What is the key to a healthy church? United Methodists have paid big bucks to find out. As the sour economy and aging buildings wreak havoc on church budgets, United Methodists are trying to get ahead of the problem and assess the health of their congregations in a bid to reverse declining fortunes.
The denomination recently concluded a study of more than 32,000 of its congregations across North America, seeking the "key factors impacting vital congregations." The study surveyed everybody from bishops to district superintendents to people in the pews.
Working with New York-based Towers Watson consultants, researchers constructed a "vitality index" to measure each church and concluded "that all kinds of UMC churches are vital—small, large, across geographies, and church setting."
The report identified four key areas that fuel vitality: small groups and programs; worship services that mix traditional and contemporary styles with an emphasis on relevant sermons; pastors who work hard on mentorship and cultivation of the laity; and an emphasis on effective lay leadership. These four factors "are consistent regardless of church size, predominant ethnicity, and jurisdiction," the study concluded.
Illinois bishop Gregory V. Palmer and Neil Alexander, cochairs of the denomination's Call to Action Steering Team, said the project was prompted by the financial downturn but was expanded to assess measures of "robust health" in rank-and-file congregations.
Like other mainline Protestant denominations, the 7.8-million-member United Methodist Church has hemorrhaged members for decades. Its strongest growth has been overseas, home to an additional 3.3 million members.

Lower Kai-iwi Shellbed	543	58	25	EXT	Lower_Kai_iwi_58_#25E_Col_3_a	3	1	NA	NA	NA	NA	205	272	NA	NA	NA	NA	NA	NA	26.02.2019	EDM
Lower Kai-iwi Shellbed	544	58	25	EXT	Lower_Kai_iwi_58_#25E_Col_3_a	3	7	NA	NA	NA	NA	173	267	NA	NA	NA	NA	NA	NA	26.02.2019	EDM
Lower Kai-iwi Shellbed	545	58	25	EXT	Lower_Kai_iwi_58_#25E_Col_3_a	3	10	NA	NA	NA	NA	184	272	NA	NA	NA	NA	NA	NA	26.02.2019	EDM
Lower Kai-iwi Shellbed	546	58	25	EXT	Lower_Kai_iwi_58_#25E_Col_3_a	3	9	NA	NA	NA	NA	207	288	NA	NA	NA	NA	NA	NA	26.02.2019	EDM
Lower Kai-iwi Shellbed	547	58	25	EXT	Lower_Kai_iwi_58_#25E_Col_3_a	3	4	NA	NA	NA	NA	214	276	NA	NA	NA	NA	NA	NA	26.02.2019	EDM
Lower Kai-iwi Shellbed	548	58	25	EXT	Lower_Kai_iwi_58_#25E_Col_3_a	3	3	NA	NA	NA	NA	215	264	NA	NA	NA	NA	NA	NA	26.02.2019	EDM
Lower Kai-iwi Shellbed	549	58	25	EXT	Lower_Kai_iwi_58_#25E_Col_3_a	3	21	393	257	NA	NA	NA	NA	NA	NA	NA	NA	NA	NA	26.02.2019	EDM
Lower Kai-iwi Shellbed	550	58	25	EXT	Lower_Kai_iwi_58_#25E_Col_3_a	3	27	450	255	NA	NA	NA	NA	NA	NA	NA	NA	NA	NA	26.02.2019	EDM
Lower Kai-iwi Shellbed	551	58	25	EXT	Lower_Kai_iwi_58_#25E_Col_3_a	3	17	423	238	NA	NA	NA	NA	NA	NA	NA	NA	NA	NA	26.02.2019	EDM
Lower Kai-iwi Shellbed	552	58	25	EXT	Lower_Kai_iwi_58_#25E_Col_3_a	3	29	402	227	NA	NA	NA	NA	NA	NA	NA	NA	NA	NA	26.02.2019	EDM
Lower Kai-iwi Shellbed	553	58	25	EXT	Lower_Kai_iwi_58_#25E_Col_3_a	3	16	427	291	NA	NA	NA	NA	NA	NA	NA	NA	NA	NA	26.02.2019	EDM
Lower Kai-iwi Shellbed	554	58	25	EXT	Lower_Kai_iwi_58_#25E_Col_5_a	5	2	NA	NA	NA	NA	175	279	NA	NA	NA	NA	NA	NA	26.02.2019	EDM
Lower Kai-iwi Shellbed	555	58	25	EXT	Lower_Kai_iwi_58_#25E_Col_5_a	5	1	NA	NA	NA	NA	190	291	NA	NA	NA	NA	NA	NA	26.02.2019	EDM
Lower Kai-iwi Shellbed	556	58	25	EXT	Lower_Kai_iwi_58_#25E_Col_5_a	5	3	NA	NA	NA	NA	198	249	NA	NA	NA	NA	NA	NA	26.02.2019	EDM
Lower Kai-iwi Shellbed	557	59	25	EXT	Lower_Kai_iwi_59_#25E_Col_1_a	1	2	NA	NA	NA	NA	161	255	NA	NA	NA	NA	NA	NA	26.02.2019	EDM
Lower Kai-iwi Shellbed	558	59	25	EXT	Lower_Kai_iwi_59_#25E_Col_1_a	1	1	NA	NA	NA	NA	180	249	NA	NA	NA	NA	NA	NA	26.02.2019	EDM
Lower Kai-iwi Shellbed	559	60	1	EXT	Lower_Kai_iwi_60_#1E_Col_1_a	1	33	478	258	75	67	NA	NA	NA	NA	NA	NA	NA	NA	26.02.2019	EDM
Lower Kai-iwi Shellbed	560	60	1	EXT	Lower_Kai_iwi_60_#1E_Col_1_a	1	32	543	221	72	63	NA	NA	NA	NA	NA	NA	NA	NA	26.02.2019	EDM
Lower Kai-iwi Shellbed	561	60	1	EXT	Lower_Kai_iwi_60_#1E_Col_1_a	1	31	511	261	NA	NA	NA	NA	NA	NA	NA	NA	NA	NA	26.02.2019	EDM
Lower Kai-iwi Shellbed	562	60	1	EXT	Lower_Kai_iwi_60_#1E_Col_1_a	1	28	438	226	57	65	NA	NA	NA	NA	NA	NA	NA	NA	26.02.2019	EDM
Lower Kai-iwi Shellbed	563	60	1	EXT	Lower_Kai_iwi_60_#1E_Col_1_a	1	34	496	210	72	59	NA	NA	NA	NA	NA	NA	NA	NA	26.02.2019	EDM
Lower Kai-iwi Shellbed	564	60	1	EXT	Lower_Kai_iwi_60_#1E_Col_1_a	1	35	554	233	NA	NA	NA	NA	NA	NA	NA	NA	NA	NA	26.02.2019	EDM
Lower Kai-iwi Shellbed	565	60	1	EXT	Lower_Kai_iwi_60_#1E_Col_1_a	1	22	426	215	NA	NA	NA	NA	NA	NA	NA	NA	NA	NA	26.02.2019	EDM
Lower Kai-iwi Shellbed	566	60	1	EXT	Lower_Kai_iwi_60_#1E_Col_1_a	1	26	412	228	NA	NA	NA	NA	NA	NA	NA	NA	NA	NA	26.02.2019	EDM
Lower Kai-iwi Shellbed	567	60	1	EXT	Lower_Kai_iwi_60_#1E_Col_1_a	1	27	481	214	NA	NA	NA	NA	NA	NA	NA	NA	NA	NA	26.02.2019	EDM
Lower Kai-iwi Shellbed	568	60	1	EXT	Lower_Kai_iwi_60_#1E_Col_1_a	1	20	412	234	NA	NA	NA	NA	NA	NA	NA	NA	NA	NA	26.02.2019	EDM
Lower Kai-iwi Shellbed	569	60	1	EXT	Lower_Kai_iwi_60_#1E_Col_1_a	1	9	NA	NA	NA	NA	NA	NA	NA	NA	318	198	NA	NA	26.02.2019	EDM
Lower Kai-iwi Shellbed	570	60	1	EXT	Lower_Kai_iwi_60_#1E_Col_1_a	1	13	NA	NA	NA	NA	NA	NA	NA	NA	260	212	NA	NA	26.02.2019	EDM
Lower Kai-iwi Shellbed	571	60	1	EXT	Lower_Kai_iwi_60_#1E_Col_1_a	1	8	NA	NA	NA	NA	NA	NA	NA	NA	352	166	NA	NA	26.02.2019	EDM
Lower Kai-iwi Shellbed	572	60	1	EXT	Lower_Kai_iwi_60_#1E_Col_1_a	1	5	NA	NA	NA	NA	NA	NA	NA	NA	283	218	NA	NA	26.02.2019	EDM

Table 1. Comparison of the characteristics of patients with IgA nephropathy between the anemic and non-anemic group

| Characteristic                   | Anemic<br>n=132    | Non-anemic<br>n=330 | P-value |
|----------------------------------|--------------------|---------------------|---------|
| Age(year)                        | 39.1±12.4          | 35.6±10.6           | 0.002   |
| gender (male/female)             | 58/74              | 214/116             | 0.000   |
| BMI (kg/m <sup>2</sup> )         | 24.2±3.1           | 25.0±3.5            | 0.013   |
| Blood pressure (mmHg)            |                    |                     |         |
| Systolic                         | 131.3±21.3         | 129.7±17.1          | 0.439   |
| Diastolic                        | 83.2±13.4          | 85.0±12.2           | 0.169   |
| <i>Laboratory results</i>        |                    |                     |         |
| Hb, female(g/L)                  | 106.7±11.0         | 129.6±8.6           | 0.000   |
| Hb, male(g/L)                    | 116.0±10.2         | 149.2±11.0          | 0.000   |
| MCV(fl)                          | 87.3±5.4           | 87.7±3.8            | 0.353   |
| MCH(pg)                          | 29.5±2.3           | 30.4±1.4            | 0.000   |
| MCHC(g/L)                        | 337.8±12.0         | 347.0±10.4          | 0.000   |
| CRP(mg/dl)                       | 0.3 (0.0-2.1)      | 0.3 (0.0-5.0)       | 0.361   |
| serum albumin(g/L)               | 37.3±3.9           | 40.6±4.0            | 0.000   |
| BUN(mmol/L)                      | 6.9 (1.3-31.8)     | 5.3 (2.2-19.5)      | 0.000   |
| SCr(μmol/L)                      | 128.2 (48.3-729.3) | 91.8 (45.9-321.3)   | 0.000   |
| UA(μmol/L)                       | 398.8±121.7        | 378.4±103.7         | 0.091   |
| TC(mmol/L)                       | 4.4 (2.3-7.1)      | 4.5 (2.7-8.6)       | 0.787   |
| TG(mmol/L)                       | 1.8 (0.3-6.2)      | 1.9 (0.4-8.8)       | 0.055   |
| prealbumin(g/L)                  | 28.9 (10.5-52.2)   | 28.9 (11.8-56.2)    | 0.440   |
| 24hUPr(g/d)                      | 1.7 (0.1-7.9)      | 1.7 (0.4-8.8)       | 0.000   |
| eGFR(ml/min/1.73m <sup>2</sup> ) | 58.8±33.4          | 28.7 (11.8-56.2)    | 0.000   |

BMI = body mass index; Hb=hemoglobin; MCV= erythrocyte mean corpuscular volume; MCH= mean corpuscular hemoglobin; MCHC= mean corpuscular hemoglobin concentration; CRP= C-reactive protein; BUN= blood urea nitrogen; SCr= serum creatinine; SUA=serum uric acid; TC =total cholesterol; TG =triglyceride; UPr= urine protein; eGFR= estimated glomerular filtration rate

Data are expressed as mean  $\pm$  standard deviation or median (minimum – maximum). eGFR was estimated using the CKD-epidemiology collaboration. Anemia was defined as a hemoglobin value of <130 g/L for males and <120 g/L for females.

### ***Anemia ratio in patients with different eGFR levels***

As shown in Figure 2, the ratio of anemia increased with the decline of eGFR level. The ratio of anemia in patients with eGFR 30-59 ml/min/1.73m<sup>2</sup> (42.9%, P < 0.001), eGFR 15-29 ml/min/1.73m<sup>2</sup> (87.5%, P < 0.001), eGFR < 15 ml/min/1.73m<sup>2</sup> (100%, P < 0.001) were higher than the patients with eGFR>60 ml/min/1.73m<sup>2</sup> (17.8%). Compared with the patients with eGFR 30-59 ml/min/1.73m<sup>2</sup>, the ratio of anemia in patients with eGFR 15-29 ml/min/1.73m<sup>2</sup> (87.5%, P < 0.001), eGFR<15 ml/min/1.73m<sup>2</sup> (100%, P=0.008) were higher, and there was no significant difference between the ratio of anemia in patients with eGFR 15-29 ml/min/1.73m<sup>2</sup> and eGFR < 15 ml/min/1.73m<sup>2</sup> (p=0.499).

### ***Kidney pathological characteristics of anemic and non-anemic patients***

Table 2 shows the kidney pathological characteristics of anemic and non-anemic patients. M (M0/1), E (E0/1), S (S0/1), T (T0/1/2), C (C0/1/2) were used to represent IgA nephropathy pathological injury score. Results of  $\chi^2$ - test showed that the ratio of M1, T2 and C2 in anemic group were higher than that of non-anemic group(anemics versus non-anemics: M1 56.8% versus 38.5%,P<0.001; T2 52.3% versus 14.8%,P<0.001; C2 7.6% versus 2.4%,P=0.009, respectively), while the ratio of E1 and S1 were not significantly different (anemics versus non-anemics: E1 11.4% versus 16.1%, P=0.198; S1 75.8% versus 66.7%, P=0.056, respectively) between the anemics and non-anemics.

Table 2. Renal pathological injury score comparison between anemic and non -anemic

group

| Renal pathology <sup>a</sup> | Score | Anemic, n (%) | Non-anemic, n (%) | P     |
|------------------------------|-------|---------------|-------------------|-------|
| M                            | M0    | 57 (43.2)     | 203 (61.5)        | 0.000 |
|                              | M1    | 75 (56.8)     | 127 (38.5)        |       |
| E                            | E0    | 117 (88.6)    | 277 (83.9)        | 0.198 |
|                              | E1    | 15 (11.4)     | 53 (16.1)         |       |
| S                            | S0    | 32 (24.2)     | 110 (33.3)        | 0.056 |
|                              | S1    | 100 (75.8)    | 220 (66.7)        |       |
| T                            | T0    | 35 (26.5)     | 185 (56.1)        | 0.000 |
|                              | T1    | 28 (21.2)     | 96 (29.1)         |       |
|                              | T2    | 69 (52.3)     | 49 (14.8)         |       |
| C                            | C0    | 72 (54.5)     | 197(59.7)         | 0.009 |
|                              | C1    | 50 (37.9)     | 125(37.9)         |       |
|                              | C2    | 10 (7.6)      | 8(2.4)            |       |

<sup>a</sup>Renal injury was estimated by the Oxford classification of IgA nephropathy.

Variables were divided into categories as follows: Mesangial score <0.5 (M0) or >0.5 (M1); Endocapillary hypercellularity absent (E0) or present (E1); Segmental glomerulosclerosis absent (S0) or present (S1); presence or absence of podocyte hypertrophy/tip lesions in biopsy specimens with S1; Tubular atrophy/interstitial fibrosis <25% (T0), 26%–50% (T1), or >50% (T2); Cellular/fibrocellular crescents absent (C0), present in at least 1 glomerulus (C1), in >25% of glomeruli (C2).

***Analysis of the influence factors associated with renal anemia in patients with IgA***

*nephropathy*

Problems like the rising average age of both clergy and parishioners, and continuing downward trends in worship attendance and baptisms, prompted researchers to launch a more holistic study of church vitality, Palmer and Alexander said.
Of the many problems facing U.S. churches, "one is clearly economic pressure of the cost of the infrastructure, which is increasing at a rate that is greater than the giving," said Alexander, president of the Nashville-based United Methodist Publishing House. A second problem, however, "is a creeping crisis of relevancy," which is signaled by "[the number of] young people not growing as a percentage of the participants" in the church, he said.
Palmer said the study cost "several hundred thousand dollars" and was geared to go "beyond the anecdotal." Because of its size and cost, this project should be considered a "once-in-a-decade kind of enterprise."
The study concluded that church health can't be pinned on any one of the four essentials identified by researchers, or even the size or scope of those programs: "An essential finding of the research was that it's the combination of factors that contribute to vitality, rather than any one or two."
Some surprising results turned up. According to the data, it did not matter whether ministers held seminary degrees, whether pastoral ministry was a first or second career, or how long the minister had been engaged in pastoral ministry.
In addition, the number and types (global or local) of outreach programs did not have a significant impact on vitality, so long as a congregation had some sort of outreach program.
Researchers were reluctant to say whether the findings could also be applied to non-Methodist congregations, but it appears that some of them could. The Faith Communities Today survey released last September by the Hartford Institute for Religion Research found that 64 percent of congregations that switched to contemporary worship in the last five years saw an increase in worship attendance of 2 percent or more.
The report will now be released to Methodist bishops and elected lay and clergy leaders around the world for feedback. Palmer said he hopes the study will play a key role in reversing declining UMC fortunes. "This is not just a report that's going to get shelved," he said. —Alfredo Garcia, RNS